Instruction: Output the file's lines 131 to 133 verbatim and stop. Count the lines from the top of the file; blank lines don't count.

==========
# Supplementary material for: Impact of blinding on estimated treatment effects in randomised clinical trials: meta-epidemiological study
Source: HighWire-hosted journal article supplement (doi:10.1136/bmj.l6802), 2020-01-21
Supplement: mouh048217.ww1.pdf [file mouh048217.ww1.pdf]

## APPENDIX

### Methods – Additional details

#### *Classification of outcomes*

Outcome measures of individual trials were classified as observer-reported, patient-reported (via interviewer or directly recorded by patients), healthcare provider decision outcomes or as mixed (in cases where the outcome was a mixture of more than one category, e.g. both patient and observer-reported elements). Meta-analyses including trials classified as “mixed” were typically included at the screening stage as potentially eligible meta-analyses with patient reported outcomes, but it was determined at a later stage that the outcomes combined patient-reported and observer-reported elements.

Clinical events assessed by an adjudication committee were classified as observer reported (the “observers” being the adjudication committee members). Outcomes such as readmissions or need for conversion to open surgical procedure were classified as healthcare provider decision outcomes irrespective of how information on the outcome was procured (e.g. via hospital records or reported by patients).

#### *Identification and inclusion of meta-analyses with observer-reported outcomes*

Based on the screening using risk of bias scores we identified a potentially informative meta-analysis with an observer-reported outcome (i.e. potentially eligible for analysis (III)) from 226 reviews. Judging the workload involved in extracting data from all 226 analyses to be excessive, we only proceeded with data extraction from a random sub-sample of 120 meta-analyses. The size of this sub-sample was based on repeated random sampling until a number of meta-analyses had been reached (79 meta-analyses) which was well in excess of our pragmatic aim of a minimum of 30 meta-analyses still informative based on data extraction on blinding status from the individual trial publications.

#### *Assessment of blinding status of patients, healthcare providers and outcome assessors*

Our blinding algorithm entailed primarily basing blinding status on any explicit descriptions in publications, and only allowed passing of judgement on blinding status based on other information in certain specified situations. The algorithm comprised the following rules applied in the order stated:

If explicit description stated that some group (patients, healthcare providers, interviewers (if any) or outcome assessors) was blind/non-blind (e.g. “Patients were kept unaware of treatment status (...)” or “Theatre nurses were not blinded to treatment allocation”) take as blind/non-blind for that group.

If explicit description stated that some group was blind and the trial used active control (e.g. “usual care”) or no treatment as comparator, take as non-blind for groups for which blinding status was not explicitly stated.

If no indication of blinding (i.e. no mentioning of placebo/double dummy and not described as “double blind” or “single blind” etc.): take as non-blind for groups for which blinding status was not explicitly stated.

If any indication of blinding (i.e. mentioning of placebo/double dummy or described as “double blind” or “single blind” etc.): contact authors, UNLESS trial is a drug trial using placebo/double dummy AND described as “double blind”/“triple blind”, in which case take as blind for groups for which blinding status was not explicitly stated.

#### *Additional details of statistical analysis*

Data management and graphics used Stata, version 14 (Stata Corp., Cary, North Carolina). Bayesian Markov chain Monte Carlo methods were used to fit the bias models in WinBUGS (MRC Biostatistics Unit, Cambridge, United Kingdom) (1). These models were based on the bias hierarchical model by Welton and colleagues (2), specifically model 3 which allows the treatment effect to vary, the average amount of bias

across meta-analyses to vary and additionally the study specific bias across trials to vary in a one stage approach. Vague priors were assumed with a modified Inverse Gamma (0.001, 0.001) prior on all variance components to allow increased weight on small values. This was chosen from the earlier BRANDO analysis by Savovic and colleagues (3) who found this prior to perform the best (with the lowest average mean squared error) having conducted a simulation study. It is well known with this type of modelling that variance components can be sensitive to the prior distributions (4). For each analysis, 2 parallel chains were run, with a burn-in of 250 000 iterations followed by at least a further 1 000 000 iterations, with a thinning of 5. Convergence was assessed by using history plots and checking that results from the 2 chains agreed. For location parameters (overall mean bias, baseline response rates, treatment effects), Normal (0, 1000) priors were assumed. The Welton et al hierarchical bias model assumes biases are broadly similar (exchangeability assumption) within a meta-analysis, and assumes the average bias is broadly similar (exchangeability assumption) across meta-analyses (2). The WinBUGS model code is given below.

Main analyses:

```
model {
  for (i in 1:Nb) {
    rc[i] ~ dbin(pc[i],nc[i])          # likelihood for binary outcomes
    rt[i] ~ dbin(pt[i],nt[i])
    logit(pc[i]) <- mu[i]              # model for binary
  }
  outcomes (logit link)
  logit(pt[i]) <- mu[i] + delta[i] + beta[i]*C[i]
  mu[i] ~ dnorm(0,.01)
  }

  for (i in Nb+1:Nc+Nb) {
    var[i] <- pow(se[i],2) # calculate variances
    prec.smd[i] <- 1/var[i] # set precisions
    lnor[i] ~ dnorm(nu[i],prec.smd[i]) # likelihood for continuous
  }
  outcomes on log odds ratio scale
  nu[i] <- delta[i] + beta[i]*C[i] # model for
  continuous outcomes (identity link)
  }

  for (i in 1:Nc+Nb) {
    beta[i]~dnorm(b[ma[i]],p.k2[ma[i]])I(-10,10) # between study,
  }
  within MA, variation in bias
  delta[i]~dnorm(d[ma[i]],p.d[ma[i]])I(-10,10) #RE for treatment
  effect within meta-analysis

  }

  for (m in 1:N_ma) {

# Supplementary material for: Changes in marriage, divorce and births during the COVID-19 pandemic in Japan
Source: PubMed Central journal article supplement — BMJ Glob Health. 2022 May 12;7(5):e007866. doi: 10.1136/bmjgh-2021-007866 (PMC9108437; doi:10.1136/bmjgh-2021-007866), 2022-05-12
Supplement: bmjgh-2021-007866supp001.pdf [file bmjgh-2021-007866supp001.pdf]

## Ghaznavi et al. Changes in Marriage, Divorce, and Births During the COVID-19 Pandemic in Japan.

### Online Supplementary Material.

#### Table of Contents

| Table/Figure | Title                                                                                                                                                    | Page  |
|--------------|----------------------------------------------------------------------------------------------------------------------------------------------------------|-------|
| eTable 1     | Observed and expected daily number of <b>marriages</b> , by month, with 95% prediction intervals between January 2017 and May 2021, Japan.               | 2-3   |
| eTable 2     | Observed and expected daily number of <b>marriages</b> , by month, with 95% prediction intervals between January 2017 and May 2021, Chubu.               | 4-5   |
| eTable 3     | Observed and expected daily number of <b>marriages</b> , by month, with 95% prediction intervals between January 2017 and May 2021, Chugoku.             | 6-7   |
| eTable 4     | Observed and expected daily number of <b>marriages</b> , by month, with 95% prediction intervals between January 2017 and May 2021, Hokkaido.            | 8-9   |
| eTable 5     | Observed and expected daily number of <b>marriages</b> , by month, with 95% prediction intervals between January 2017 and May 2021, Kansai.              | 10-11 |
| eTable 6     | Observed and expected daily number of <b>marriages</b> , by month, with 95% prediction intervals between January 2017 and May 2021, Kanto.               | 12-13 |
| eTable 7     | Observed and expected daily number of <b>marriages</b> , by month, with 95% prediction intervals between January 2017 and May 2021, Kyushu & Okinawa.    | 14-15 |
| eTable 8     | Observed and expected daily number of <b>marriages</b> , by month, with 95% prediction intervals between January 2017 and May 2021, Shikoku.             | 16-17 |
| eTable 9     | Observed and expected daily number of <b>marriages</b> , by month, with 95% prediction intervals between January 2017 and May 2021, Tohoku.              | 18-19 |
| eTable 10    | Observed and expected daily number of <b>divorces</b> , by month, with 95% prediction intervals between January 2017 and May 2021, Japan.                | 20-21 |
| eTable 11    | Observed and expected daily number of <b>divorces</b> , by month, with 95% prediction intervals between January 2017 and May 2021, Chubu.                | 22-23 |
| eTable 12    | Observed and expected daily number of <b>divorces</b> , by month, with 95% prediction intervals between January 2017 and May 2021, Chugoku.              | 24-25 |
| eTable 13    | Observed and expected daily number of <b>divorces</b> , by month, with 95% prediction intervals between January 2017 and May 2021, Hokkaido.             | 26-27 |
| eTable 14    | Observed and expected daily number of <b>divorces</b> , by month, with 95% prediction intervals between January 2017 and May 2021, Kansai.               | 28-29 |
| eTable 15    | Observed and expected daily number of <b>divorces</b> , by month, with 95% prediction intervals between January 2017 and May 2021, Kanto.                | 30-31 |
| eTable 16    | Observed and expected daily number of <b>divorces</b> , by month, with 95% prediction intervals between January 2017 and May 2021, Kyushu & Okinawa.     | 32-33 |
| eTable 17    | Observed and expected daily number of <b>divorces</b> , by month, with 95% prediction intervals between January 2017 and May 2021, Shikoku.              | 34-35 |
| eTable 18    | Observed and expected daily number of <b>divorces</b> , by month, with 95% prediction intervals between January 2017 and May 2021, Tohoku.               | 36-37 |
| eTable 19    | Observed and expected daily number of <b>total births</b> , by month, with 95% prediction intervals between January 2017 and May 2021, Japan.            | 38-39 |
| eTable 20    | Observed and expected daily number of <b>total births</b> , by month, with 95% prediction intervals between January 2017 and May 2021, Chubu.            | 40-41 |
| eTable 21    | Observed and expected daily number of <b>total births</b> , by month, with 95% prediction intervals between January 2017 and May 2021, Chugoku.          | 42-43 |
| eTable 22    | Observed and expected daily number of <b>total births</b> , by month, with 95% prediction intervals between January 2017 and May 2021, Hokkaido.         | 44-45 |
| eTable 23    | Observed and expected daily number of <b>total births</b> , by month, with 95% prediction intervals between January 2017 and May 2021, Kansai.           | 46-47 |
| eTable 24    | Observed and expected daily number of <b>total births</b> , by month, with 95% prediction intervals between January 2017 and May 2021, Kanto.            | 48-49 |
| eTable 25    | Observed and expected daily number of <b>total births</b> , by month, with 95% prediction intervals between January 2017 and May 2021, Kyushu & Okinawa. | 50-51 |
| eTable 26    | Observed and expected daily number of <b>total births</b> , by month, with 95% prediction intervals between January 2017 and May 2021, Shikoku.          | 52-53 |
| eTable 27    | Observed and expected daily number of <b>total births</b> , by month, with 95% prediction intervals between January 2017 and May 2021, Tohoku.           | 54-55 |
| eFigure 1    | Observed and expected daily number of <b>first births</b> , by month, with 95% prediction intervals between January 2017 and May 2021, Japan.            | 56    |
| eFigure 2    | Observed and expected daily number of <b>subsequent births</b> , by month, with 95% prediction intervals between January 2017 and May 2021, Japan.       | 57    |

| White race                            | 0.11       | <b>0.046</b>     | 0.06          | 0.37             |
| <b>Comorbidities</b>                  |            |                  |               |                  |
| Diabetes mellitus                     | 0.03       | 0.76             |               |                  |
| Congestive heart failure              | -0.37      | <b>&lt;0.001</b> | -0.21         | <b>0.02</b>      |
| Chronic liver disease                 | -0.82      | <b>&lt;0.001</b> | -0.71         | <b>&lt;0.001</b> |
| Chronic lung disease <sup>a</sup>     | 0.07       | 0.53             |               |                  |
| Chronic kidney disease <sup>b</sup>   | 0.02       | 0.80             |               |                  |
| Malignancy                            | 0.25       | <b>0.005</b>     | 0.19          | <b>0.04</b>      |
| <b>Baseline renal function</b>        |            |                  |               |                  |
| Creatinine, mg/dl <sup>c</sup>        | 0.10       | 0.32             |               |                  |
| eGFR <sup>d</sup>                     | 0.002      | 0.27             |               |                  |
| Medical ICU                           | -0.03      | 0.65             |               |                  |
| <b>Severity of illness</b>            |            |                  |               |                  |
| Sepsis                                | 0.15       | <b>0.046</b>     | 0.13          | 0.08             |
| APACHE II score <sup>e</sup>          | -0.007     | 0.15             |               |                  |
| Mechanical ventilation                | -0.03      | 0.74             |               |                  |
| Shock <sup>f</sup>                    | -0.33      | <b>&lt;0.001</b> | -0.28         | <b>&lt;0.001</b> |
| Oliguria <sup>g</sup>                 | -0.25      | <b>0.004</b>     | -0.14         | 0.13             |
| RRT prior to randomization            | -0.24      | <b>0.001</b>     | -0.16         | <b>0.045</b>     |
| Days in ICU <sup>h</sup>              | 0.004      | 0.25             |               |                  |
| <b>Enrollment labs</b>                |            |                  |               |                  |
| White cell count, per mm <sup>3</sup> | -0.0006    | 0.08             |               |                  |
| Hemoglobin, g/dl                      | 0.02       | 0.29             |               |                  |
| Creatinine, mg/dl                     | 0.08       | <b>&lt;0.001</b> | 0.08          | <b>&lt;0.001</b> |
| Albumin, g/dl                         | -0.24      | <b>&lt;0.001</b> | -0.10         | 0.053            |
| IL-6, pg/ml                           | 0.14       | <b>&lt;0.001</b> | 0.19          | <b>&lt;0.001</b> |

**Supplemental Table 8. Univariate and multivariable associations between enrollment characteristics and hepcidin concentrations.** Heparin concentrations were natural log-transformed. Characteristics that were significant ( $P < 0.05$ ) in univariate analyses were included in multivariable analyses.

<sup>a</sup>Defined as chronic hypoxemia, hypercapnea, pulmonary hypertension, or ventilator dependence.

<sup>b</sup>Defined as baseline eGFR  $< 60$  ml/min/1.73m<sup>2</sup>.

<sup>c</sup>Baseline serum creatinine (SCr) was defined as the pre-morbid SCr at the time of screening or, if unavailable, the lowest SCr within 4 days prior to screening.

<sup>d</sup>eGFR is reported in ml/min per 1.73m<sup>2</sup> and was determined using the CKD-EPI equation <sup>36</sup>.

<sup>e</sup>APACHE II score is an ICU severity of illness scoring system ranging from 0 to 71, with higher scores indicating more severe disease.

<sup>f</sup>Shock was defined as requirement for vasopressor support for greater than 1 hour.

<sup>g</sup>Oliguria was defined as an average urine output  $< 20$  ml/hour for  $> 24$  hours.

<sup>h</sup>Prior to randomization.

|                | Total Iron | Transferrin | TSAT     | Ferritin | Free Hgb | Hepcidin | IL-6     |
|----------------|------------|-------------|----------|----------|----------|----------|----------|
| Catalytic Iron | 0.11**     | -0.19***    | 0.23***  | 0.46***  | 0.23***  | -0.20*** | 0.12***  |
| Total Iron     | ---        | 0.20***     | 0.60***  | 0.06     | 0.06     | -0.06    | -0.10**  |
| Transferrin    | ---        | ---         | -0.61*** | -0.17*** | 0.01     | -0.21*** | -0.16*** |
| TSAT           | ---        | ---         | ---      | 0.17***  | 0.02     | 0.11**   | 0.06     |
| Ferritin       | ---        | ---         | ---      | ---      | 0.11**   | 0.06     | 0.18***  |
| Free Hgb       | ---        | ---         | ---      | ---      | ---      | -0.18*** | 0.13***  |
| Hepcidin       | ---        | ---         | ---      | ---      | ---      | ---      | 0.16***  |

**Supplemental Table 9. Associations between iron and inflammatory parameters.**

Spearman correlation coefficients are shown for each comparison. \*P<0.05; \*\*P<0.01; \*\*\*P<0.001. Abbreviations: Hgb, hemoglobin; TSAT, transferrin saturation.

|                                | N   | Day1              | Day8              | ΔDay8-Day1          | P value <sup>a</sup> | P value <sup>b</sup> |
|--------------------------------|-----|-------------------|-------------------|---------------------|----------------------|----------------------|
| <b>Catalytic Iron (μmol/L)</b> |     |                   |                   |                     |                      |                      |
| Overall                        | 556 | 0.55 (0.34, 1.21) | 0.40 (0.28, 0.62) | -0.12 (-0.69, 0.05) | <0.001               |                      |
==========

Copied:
Spearman correlation coefficients are shown for each comparison. \*P<0.05; \*\*P<0.01; \*\*\*P<0.001. Abbreviations: Hgb, hemoglobin; TSAT, transferrin saturation.

|                                | N   | Day1              | Day8              | ΔDay8-Day1          | P value <sup>a</sup> | P value <sup>b</sup> |
|--------------------------------|-----|-------------------|-------------------|---------------------|----------------------|----------------------|